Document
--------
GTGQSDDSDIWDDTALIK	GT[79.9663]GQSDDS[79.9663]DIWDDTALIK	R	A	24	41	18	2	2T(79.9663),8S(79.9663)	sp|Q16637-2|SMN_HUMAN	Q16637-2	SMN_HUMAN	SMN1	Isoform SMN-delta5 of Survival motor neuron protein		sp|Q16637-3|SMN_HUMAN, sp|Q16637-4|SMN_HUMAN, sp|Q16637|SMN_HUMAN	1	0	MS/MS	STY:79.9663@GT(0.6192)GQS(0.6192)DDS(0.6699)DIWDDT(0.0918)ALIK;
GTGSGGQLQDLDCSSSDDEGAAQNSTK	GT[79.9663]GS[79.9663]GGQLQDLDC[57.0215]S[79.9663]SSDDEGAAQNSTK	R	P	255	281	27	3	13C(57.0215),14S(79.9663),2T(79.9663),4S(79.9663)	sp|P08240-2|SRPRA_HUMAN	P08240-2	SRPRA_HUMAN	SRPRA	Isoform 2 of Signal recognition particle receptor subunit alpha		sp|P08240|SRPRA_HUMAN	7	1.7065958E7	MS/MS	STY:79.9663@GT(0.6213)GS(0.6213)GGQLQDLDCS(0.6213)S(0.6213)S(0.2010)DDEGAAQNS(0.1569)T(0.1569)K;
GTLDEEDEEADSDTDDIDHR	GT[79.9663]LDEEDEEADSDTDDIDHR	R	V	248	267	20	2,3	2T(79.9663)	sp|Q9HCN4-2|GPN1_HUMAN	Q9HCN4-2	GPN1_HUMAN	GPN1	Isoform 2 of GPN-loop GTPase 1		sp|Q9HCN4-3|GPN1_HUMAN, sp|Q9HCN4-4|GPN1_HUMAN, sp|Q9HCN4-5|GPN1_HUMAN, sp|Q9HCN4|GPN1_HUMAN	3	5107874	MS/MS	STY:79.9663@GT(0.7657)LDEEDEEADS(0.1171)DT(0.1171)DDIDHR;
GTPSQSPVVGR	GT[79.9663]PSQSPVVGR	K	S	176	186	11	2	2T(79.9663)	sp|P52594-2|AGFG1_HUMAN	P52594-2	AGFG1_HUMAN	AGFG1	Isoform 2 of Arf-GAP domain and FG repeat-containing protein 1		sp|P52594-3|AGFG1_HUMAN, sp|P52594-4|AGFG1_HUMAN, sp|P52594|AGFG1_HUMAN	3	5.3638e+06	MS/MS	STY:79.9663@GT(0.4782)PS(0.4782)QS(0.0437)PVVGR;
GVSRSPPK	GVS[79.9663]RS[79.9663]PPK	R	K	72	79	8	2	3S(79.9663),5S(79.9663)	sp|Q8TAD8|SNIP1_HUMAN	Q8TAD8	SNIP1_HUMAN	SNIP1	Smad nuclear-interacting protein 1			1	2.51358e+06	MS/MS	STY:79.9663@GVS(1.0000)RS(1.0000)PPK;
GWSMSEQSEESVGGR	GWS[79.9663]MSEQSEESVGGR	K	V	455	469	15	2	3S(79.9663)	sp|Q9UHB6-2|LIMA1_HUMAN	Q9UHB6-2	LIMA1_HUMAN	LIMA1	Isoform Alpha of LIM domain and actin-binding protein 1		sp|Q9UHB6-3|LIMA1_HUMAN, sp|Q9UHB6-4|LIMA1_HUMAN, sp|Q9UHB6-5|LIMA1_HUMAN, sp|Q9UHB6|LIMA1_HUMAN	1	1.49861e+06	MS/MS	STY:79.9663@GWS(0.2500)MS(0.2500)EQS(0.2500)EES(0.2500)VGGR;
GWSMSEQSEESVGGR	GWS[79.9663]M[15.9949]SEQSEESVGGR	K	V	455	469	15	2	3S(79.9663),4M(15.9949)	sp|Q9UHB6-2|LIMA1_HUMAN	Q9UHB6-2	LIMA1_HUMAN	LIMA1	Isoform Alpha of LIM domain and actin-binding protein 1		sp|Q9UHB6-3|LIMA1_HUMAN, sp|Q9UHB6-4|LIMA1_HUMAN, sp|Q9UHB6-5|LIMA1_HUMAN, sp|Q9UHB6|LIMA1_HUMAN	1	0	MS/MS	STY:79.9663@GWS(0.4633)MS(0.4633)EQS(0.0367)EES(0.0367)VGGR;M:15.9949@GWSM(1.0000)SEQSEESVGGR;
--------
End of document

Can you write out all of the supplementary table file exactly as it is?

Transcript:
GTGQSDDSDIWDDTALIK	GT[79.9663]GQSDDS[79.9663]DIWDDTALIK	R	A	24	41	18	2	2T(79.9663),8S(79.9663)	sp|Q16637-2|SMN_HUMAN	Q16637-2	SMN_HUMAN	SMN1	Isoform SMN-delta5 of Survival motor neuron protein		sp|Q16637-3|SMN_HUMAN, sp|Q16637-4|SMN_HUMAN, sp|Q16637|SMN_HUMAN	1	0	MS/MS	STY:79.9663@GT(0.6192)GQS(0.6192)DDS(0.6699)DIWDDT(0.0918)ALIK;
GTGSGGQLQDLDCSSSDDEGAAQNSTK	GT[79.9663]GS[79.9663]GGQLQDLDC[57.0215]S[79.9663]SSDDEGAAQNSTK	R	P	255	281	27	3	13C(57.0215),14S(79.9663),2T(79.9663),4S(79.9663)	sp|P08240-2|SRPRA_HUMAN	P08240-2	SRPRA_HUMAN	SRPRA	Isoform 2 of Signal recognition particle receptor subunit alpha		sp|P08240|SRPRA_HUMAN	7	1.7065958E7	MS/MS	STY:79.9663@GT(0.6213)GS(0.6213)GGQLQDLDCS(0.6213)S(0.6213)S(0.2010)DDEGAAQNS(0.1569)T(0.1569)K;
GTLDEEDEEADSDTDDIDHR	GT[79.9663]LDEEDEEADSDTDDIDHR	R	V	248	267	20	2,3	2T(79.9663)	sp|Q9HCN4-2|GPN1_HUMAN	Q9HCN4-2	GPN1_HUMAN	GPN1	Isoform 2 of GPN-loop GTPase 1		sp|Q9HCN4-3|GPN1_HUMAN, sp|Q9HCN4-4|GPN1_HUMAN, sp|Q9HCN4-5|GPN1_HUMAN, sp|Q9HCN4|GPN1_HUMAN	3	5107874	MS/MS	STY:79.9663@GT(0.7657)LDEEDEEADS(0.1171)DT(0.1171)DDIDHR;
GTPSQSPVVGR	GT[79.9663]PSQSPVVGR	K	S	176	186	11	2	2T(79.9663)	sp|P52594-2|AGFG1_HUMAN	P52594-2	AGFG1_HUMAN	AGFG1	Isoform 2 of Arf-GAP domain and FG repeat-containing protein 1		sp|P52594-3|AGFG1_HUMAN, sp|P52594-4|AGFG1_HUMAN, sp|P52594|AGFG1_HUMAN	3	5.3638e+06	MS/MS	STY:79.9663@GT(0.4782)PS(0.4782)QS(0.0437)PVVGR;
GVSRSPPK	GVS[79.9663]RS[79.9663]PPK	R	K	72	79	8	2	3S(79.9663),5S(79.9663)	sp|Q8TAD8|SNIP1_HUMAN	Q8TAD8	SNIP1_HUMAN	SNIP1	Smad nuclear-interacting protein 1			1	2.51358e+06	MS/MS	STY:79.9663@GVS(1.0000)RS(1.0000)PPK;
GWSMSEQSEESVGGR	GWS[79.9663]MSEQSEESVGGR	K	V	455	469	15	2	3S(79.9663)	sp|Q9UHB6-2|LIMA1_HUMAN	Q9UHB6-2	LIMA1_HUMAN	LIMA1	Isoform Alpha of LIM domain and actin-binding protein 1		sp|Q9UHB6-3|LIMA1_HUMAN, sp|Q9UHB6-4|LIMA1_HUMAN, sp|Q9UHB6-5|LIMA1_HUMAN, sp|Q9UHB6|LIMA1_HUMAN	1	1.49861e+06	MS/MS	STY:79.9663@GWS(0.2500)MS(0.2500)EQS(0.2500)EES(0.2500)VGGR;
GWSMSEQSEESVGGR	GWS[79.9663]M[15.9949]SEQSEESVGGR	K	V	455	469	15	2	3S(79.9663),4M(15.9949)	sp|Q9UHB6-2|LIMA1_HUMAN	Q9UHB6-2	LIMA1_HUMAN	LIMA1	Isoform Alpha of LIM domain and actin-binding protein 1		sp|Q9UHB6-3|LIMA1_HUMAN, sp|Q9UHB6-4|LIMA1_HUMAN, sp|Q9UHB6-5|LIMA1_HUMAN, sp|Q9UHB6|LIMA1_HUMAN	1	0	MS/MS	STY:79.9663@GWS(0.4633)MS(0.4633)EQS(0.0367)EES(0.0367)VGGR;M:15.9949@GWSM(1.0000)SEQSEESVGGR;